Supreme Court's 1992-93 Legacy: A Zigzag Course
Narrow decisions leave others to fill in gaps. A STATE OF FLUX
DURING the Supreme Court's 1992-93 term, which ended this week, the justices handed down potentially important rulings in areas ranging from redistricting to church-state relations. But the term was as notable for what the court did not do as for what it accomplished.
The justices approached controversial issues a few times but didn't issue broad-ranging opinions or provide much guidance to lower courts. And they didn't appear to establish any new directions on major issues.
"It was not a term in which the court saw fit to be bold or innovative," says A.E. (Dick) Howard, a law professor at the University of Virginia. "The court has not crystallized or focused our understanding of major issues. This term has been characterized by marking time or catching breath."
Ruth Bader Ginsburg, if confirmed as expected, will join a court in internal flux. The term's major development, court watchers say, was the disintegration of what appeared last year to be a three-member centrist bloc consisting of Justices Sandra Day O'Connor, David Souter, and Anthony Kennedy.
This term, Justice Souter steered to the left, often joining dissenting opinions with Justices Harry Blackmun and John Paul Stevens. Justice Kennedy, meanwhile, was anchored more firmly in the conservative camp, providing the winning vote in a decision that questioned the constitutionality of voting districts designed to increase minority representation.
"I don't think the centrist bloc ever really existed," says Michael McConnell, a law professor at the University of Chicago. "Now it's plain that it doesn't exist."
If a centrist bloc has proved chimerical, so has the notion of a conservative majority that many saw emerging in the late 1980s. On most hot-button issues, it turns out, there's no working majority at all. The chief exception has been in the criminal-justice area, where the court has maintained a narrow reading of the rights of the accused.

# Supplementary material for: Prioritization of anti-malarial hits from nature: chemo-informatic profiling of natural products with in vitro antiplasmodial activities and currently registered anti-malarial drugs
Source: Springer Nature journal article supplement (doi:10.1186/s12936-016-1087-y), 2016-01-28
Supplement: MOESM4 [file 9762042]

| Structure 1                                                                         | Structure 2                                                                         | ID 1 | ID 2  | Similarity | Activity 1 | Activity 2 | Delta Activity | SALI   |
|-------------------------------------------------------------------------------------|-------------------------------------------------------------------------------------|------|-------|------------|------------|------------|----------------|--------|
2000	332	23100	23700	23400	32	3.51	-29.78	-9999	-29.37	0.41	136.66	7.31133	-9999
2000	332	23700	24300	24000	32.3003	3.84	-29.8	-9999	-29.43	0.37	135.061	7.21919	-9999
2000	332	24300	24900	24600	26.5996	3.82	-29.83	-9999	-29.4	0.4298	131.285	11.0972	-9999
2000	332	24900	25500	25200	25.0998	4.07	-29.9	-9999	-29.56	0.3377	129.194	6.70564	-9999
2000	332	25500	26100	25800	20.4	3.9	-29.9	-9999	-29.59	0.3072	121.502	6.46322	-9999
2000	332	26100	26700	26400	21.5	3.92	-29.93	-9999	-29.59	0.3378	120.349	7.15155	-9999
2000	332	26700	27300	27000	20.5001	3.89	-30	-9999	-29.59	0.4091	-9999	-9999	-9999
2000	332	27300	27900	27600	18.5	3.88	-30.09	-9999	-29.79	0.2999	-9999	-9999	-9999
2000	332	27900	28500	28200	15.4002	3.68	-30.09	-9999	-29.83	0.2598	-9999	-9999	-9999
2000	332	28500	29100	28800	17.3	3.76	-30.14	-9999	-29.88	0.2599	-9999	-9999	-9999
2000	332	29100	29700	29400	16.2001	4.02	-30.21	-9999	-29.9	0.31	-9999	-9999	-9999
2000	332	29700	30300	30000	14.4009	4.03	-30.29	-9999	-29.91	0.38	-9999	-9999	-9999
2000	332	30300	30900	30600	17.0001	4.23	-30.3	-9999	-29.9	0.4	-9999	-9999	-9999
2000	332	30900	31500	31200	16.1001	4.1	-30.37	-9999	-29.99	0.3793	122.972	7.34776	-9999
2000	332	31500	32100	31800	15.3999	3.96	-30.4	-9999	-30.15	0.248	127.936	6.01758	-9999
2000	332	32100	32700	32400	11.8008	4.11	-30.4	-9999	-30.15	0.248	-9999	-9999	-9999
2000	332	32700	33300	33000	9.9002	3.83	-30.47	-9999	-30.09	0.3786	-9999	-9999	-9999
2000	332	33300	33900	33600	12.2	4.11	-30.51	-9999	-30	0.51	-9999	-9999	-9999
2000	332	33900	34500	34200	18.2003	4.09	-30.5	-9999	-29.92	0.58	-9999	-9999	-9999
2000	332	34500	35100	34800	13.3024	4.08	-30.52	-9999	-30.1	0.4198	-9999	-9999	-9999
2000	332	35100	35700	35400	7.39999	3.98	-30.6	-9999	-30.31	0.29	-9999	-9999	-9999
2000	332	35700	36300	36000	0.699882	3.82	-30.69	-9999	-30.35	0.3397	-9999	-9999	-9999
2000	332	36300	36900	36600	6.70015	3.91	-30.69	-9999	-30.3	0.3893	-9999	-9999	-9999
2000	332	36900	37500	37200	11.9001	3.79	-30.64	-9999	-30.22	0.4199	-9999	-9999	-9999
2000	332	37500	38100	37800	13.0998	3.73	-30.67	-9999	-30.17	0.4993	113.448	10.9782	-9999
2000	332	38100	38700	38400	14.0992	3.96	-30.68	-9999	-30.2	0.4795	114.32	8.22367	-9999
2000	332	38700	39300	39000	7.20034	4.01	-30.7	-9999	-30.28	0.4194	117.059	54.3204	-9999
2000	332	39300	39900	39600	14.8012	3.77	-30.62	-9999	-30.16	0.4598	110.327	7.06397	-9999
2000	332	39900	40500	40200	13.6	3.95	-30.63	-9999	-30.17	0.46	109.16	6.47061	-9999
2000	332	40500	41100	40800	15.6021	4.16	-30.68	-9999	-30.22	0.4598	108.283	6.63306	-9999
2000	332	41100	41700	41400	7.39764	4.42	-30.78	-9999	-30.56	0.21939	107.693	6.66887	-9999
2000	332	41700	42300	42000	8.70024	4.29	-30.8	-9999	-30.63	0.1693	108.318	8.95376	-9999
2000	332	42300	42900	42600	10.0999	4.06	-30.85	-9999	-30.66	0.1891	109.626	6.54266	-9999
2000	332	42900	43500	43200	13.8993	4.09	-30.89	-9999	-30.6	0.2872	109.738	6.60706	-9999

"The court is, on the whole, quite hostile to criminal defendants' rights," says David Cole, a Georgetown University law professor. "That has shown up in procedural cases, where they have limited the right to have constitutional claims heard in federal courts."
Outside the criminal-justice area, few trends are discernible in the 107 signed decisions the court issued last term. Some recent rulings even show the court going in different directions.
For instance, the court seemed to strike a blow against free speech when it ruled in Alexander v. United States that there was no First Amendment violation when the government confiscated a chain of bookstores because seven pornographic items had been found in one of them. But in Cincinnati v. Discovery, the court upheld a strict interpretation of the First Amendment, ruling that a city could not ban vending machines that contain advertising brochures while allowing newspaper coin boxes.
"There's no evident pattern," Professor McConnell says.
OPINIONS not only defy clear trends, but the justices refused - or failed - to establish new legal standards, even when they moved away from established ones. Two examples:
* On church-state questions, the justices issued three rulings that seemed to expand the scope of religion in public life. But they did not overturn Lemon v. Kurtzman, a 1971 case creating a strict three-part test for "Establishment Clause" cases. This test appears to be at odds with the recent rulings.
* On tort reform, the justices upheld a $10 million punitive-damages award - an amount 526 times as high as actual damages - against TXO Production Corporation, a giant oil and gas company. Although there was no majority opinion, a plurality opinion signed by four justices hinted that some other punitive damage awards may be so "grossly excessive" as to be unconstitutional. But there was no indication of what constitutes such an award.
Lawyers are troubled by those decisions. "We have to spend an inordinate amount of time reading the tea leaves ... to figure out what the court means," complains Daniel Rezneck, an attorney with Arnold & Porter in Washington. "And if we can't understand it, then what's the average layperson to think?"
But some argue that the court's lack of sweeping opinions is not due to muddled thinking or lack of common ground. According to this view, the prevailing high court philosophy is judicial restraint, which holds that justices should decide each cases on the merits without trying to promulgate sweeping rules. Thus the court deliberately may be issuing narrow decisions in the expectation that lower courts and legislatures will fill in the gaps.
Chief Justice William Rehnquist's view is that "the court makes a mistake if it wants to ... give great guidance on issues," says John Roberts, a Washington attorney who is a former clerk to Justice Rehnquist. "That's Congress's job. The court's job is to decide specific cases and let legal principles develop over time."